Towards the end of Arrivals & Departures, Alan Ayckbourn’s seventy-seventh play (the author is seventy-five), the military handler Ez (Elizabeth Boag) tells Barry (Kim Wall), the man she is handling, that they have nothing in common. “We’ll never know now, will we?” Barry asks, a line that epitomizes Mr. Ayckbourn’s central concern. In the main action of Arrivals & Departures, a terrorist named Cerastes (Ben Porter) is being cornered by the Strategic Simulated Distractional Operations by diverting his train to an empty station and catching him when he exits. In order to succeed, members of the S.S.D.O. must dress up as regular commuters—as mothers and sons, as confused foreigners—to create the illusion for Cerastes that he is walking through an ordinary crowd. In other words, they must put on a play. Barry is a provincial traffic warden who tried to ticket Cerastes several days ago, and thus he is there to identify their man. Ez is a sensitive soldier who was date raped by her fiancé and whose subsequent lashings out have lead to her dismissal from the army. But Barry will never know this, just as she will never know that his ingenuousness caused the downfall of his father-in-law’s company and gave his wife the opportunity to conduct a long lasting affair with his best man. As the two engage in an initially cold but successively warmer conversation, their memories are performed in flashback on stage: in the first act, we see how Ez’s mind responds to what is going on and in the second, we delve into what Barry is thinking in the same space of time.
Like the Modernist novelists of the first half of the twentieth century, Mr. Ayckbourn reveals that the greatest dramas occur in the minds—the internal narratives as compared to the S.S.D.O. “play” makes a particularly effective tableau—and like Virginia Woolf in particular, he reveals that moments that appear insubstantial to the outside observer can have tremendous emotional impact on its participants. Arrivals & Departures is a quietly experimental, absolutely heartbreaking work, and as the loneliness of these two people played out onstage, I kept hearing E.M. Forster’s famous epigraph to Howards End ringing in my ears: “Only connect.”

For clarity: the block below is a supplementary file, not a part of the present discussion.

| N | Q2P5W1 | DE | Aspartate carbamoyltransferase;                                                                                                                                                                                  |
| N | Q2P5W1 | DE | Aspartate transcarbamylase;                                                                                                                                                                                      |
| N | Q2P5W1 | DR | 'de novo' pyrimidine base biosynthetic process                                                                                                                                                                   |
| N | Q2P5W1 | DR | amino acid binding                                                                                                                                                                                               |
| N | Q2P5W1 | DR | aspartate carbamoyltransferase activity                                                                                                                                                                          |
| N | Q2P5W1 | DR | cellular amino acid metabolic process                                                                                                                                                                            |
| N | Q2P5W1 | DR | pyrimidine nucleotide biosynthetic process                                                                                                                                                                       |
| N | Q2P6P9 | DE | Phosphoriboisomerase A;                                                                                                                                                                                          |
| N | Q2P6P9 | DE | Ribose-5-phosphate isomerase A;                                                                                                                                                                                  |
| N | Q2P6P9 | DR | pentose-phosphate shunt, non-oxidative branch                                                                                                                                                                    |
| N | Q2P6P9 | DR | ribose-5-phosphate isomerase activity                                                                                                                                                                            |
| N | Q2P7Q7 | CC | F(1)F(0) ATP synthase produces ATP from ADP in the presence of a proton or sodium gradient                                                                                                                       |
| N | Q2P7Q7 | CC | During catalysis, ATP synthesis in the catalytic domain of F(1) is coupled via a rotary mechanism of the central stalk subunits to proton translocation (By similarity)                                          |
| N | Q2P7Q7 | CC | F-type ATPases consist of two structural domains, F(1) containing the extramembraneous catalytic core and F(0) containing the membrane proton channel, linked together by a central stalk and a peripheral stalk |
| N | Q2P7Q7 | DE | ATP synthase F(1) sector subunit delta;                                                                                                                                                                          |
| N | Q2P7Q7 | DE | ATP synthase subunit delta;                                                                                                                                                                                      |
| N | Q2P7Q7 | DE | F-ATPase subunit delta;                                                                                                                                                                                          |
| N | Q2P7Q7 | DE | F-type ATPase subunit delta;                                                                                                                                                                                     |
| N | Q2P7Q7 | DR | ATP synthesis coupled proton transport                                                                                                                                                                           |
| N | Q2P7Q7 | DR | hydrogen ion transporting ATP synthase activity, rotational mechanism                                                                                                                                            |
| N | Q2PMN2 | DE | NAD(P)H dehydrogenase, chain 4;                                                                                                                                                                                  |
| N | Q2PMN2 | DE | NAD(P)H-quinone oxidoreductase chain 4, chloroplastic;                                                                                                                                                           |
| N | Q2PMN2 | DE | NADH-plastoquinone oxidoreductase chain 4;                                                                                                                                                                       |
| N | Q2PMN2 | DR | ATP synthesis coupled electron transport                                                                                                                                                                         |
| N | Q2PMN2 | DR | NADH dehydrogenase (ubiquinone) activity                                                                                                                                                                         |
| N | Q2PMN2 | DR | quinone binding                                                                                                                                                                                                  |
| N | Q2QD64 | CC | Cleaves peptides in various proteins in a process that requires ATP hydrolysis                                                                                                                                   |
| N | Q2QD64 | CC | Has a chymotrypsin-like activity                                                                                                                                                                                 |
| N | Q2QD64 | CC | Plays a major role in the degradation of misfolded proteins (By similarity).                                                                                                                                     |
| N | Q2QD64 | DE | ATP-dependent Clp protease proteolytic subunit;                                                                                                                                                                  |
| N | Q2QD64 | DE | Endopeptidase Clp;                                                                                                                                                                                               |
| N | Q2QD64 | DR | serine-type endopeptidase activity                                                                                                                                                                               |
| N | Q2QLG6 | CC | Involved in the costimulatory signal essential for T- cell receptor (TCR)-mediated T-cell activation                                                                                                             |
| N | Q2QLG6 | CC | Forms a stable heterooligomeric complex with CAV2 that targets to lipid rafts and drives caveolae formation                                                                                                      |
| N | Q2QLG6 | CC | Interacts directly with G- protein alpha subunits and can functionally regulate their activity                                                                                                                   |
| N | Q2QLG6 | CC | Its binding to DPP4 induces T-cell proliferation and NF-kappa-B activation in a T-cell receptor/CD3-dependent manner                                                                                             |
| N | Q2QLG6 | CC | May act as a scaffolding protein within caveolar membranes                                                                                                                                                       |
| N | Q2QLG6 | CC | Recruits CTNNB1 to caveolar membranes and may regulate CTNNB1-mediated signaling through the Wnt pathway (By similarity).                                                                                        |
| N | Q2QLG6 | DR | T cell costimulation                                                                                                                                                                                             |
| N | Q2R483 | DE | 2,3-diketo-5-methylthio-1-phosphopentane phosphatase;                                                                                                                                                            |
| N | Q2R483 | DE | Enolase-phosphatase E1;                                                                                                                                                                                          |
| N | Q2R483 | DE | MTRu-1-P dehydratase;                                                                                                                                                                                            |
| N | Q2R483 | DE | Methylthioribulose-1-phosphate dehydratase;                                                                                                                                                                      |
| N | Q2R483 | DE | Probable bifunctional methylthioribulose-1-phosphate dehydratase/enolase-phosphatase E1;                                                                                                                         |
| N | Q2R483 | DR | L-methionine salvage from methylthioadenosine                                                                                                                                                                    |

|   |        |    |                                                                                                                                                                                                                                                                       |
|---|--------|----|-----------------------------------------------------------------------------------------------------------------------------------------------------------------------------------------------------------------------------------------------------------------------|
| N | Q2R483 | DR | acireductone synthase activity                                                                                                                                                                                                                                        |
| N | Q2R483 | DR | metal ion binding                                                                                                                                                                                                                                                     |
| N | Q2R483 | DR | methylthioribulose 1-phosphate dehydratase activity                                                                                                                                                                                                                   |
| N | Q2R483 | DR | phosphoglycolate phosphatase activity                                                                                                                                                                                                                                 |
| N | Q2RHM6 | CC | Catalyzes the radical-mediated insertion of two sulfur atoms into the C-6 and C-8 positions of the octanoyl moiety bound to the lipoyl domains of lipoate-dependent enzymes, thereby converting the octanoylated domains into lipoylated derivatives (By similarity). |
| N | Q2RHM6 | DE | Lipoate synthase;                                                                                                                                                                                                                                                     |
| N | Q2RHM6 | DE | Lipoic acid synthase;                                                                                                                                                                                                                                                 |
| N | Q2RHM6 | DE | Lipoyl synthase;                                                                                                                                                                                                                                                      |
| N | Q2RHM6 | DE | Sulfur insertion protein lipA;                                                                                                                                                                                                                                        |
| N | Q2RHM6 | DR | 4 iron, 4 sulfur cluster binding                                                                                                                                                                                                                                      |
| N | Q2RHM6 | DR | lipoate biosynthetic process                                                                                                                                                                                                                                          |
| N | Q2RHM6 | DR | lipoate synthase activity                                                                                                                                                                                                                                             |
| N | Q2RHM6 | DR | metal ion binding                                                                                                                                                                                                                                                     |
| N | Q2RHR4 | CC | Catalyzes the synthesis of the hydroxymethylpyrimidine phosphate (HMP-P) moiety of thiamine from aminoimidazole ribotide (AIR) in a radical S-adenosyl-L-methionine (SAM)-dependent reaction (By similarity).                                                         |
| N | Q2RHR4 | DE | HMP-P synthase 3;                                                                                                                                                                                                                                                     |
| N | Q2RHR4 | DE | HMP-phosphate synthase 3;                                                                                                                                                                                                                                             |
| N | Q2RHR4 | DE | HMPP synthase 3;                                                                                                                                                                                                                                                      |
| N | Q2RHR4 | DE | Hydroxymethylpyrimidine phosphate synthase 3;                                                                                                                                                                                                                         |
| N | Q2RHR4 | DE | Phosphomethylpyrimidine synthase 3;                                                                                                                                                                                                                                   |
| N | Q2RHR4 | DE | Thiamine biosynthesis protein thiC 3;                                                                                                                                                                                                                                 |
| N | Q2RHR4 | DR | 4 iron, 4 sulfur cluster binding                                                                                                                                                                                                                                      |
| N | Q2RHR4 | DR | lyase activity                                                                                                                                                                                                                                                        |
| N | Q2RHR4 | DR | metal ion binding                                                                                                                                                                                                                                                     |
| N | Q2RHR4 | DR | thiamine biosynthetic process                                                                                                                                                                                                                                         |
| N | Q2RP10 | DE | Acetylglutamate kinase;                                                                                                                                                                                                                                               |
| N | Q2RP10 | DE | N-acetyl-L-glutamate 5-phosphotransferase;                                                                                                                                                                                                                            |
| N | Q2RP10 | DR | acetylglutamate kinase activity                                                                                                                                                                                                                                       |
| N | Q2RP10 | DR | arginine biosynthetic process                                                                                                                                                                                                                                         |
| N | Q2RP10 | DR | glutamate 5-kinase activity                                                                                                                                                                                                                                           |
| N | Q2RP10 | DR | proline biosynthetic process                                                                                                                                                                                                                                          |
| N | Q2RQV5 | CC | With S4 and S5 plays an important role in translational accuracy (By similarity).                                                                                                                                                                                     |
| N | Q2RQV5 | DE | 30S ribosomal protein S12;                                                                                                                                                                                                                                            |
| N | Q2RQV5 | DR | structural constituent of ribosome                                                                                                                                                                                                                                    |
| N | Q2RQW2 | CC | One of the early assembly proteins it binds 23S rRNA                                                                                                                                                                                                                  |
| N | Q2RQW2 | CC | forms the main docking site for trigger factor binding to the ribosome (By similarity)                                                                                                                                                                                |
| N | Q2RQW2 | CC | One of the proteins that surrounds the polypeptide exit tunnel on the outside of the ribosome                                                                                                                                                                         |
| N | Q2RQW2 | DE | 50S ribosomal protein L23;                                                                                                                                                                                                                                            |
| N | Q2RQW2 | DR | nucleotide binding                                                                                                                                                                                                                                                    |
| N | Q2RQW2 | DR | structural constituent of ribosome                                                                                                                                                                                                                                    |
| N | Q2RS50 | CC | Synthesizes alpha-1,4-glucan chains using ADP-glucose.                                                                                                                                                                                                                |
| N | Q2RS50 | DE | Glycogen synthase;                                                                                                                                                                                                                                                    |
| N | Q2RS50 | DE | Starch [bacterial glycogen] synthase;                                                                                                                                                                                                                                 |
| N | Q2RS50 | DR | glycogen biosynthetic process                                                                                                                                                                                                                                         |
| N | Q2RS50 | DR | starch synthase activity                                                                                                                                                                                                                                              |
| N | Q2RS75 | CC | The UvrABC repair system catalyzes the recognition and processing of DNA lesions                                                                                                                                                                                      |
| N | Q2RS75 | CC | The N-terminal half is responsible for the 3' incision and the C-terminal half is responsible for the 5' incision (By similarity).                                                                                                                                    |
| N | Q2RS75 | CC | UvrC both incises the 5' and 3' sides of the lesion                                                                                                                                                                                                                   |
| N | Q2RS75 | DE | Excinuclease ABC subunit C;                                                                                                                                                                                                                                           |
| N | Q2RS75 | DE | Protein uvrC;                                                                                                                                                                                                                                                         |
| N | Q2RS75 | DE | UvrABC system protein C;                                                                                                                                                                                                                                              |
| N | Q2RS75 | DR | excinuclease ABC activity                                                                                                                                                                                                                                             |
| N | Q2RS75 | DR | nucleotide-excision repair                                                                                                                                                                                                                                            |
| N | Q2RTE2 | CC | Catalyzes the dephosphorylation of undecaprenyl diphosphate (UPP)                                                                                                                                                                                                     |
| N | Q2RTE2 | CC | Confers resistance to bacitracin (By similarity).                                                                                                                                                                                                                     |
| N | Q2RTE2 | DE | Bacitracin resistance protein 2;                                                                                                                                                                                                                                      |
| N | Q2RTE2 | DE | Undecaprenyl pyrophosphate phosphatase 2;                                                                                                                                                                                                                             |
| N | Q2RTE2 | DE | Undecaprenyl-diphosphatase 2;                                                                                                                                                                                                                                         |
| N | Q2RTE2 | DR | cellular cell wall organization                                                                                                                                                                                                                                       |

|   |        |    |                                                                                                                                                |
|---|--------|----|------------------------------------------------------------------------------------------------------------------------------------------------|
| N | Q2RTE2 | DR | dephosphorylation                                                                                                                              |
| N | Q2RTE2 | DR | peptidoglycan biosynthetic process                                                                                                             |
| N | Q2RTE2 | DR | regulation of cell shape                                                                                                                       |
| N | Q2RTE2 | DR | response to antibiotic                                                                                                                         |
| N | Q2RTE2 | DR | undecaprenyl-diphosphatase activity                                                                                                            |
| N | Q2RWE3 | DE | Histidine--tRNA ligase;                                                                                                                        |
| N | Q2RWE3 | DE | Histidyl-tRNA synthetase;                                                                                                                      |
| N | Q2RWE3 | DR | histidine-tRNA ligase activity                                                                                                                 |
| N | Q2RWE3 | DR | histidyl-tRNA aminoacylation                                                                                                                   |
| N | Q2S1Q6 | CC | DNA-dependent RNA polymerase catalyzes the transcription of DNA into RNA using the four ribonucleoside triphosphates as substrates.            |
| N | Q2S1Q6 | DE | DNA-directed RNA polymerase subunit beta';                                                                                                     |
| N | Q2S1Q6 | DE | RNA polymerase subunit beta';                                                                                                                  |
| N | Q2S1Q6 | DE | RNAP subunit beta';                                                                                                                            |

Mr. Wall’s excellent Barry is a man whose incessant friendliness never succeeds in masking a hunger for companionship, his sad chuckles and his small-town eccentricities all the more tragic because they are utterly indefatigable, they are unable to break down in the face of his selfish loved ones. Ms. Boag, too, wears her mask well, and Ez cynically hardens in the face of niceties, even when they come from such genuine sources as Barry. The two are an extraordinary pair of actors, generous and challenging, reminding one of a well-executed duet.
“Do try and merge,” orders Quentin (Bill Champion), the head of the D group of the S.S.D.O., when Ez and Barry are first placed together. Beneath this executive jargon is Mr. Ayckbourn’s plea, one that unfortunately will never be answered.